Monday, November 16, 2015

Nineteen Eighty-four. (I was wrong)

I was wrong. 1984 is a masterpiece. It has a bit of a sad ending but, it is Orwell. He was one of the greatest writers of his day and this work is deserving of every homage it gets and belongs to an elite class of literary classics that has influenced our culture in such a massive way. This book is massively important and it's implications of what our future could become (or is becoming) is slightly horrifying. It's a book that makes you think while stirring emotions that the protagonist is currently feeling. Winston Smith (Mr. Generic Name) struggles for a better way of life in his own ways throughout the book. He strikes back at the Party's doctrines by personally rebelling against their mores by sleeping around on his missing wife, writing in a journal, drinking beer in a pub with a stranger, just by actually living; stepping out from such a regimented humdrum life.

The novel  is truly about the human struggle against regimes, political entrapment, and against the infringement of personal and social liberties. Our protagonist has no rights. Although there are no laws, everything is actually illegal except what you are instructed to do. You are not allowed to live. His struggle ultimately culminates when he falls for another party member and cannot take it anymore and has to be with her. He does what any person would do to be with the one they love. He can't be with her out in the open so they have to hide their love by sneaking out of London, the principal city of their 'superstate'.

Sometimes you read a novel that affects you in ways you didn't expect. I didn't expect this book to cause me to reflect so much on our current government and how often we are moving away from a free market system. I'm not a raging communist or in any way do I believe that capitalism in and of itself is a perfect system. It's 11/16/2015 and we are going into a very decisive election year. 2016 will be a year (or at least as it is projected based on the front runners now) where both major party nominees are very divisive candidates. On one hand you have Donald Trump (a complete joke) who is a celebrity and successful business man in his own right versus Hillary Clinton a successful lawyer, first lady, and politician. She has accomplished a great deal in her own namesake and can function as a commander-in-chief. Her only catch is that she is involved with the scandals of her husband and her own debacles of her past record. That's the problem with being a politician seeking a higher office, you have held office before and no record is or can be perfect. Trump has his own skeletons as well. From multiple past marriages, racist and sexist comments, to just not being able to keep his mouth shut, he comes with his own baggage. Aside from who I think will be a better president, they both move us forward to a 1984-esque government. Clinton as a Democrat will move for more government control of our own personal liberties, as is the case with her party. Less personal liberties, more government control makes for a more functional government. Trump would do the opposite. Restrict personal liberties less (gun ownership, less taxation, etc.) and give the government less control yet fuel big business giving them more lobbying power and more of an ability to control the lower class just like that of The Party in the novel. But all of these things Trump would do would be under the banner of better for the people and better for the party. Sound familiar?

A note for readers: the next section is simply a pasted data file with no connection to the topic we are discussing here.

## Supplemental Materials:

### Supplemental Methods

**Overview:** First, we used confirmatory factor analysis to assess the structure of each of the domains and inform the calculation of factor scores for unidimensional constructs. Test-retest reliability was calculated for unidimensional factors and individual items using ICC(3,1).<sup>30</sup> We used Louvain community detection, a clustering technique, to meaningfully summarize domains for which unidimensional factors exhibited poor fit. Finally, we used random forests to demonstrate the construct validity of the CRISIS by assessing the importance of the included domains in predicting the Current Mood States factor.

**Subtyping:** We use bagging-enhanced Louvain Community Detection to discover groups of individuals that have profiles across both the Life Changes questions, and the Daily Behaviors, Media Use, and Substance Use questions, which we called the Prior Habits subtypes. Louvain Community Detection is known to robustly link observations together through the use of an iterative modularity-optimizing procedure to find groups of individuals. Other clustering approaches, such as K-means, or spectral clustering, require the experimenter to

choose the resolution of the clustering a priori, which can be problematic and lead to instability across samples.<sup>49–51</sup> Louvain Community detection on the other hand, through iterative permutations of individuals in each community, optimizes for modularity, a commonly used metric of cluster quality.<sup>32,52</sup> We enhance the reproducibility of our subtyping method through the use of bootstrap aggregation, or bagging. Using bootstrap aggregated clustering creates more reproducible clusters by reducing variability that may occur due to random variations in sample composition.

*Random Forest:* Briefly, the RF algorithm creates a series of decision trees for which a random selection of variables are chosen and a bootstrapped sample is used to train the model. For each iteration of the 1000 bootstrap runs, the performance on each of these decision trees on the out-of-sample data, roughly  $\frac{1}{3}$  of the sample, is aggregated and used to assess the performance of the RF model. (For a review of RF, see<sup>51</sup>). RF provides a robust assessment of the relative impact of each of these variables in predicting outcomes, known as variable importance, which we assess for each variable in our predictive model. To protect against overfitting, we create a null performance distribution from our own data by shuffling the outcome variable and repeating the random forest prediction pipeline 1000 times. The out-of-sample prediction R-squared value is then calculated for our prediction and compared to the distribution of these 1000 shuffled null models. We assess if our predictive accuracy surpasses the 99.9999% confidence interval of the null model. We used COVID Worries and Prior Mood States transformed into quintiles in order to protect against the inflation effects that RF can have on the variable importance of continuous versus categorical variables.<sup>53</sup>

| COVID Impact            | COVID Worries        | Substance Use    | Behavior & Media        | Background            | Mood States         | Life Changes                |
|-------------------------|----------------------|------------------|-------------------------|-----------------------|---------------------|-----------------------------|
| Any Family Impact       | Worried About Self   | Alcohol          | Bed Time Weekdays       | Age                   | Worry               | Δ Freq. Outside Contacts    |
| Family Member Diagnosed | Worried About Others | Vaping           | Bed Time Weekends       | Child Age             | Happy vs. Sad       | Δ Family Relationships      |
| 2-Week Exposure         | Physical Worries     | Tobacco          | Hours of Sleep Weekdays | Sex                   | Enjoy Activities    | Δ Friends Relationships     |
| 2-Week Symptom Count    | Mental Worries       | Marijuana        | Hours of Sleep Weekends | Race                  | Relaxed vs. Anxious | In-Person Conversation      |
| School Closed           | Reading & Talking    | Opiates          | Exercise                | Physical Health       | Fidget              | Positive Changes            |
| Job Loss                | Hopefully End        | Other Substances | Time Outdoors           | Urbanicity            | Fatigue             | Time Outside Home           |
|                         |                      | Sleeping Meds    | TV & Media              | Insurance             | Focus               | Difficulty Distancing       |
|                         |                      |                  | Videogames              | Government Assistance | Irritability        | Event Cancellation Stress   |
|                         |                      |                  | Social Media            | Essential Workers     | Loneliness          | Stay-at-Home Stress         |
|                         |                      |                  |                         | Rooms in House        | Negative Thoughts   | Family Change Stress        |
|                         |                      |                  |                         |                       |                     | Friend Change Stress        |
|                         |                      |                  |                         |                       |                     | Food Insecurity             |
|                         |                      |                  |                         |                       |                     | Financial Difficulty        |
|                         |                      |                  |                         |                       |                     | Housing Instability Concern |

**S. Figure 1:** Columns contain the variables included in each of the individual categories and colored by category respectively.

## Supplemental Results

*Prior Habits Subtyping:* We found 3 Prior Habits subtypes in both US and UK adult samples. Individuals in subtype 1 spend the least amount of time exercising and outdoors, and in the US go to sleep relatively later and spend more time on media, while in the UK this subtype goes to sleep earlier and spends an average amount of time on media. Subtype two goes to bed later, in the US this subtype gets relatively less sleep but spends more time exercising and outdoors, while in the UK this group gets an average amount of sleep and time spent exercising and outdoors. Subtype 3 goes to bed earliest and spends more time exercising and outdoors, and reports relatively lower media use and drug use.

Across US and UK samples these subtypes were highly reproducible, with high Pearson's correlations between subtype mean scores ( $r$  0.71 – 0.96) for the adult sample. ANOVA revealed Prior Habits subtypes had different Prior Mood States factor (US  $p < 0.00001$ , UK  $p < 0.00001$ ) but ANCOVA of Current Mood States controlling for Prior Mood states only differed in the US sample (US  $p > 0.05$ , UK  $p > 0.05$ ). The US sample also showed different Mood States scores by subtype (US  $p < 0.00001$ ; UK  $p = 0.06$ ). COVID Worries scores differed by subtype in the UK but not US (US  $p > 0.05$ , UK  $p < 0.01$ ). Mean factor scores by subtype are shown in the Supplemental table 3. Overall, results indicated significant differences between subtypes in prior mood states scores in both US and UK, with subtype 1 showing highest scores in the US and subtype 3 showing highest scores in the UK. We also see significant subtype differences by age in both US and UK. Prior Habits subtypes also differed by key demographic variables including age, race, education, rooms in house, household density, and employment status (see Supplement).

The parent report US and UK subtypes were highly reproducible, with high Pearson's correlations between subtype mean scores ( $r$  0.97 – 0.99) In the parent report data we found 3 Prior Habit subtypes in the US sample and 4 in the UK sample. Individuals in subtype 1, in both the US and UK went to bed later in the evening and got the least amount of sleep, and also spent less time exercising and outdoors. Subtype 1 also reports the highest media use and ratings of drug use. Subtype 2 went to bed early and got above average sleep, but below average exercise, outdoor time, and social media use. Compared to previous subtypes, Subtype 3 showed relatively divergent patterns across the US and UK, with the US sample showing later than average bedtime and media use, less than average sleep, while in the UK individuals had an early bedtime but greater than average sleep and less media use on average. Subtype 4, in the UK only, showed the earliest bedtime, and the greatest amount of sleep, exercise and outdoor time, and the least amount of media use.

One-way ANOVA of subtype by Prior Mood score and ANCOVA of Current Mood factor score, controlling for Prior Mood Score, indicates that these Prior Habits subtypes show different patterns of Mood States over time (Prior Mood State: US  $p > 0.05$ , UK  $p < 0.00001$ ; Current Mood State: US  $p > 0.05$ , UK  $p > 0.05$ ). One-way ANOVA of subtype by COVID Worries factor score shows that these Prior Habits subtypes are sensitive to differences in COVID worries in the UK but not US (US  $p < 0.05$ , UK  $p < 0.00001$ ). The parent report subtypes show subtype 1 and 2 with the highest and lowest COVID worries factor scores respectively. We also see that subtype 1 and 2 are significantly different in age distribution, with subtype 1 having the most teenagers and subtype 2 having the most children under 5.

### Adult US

If you haven't experienced this book, add it to your list. If you can get through the initial forty pages or so, you'll love the book if you have any love of political thrillers at all. It's such a great work anyone should be able to relate to the characters and overall story. I would sincerely recommend 1984 to any adult. Buy it, read it, pass it on. This is a great one.

Confession time: This is my first blog and so I am finally getting into the rhythm of writing. Finishing the book was no problem. Most blogs posts tend to be longer than these, but I am working on that and I figure the more I write the more I will be able to put into words. I appreciate anyone who may be following along. This will get better.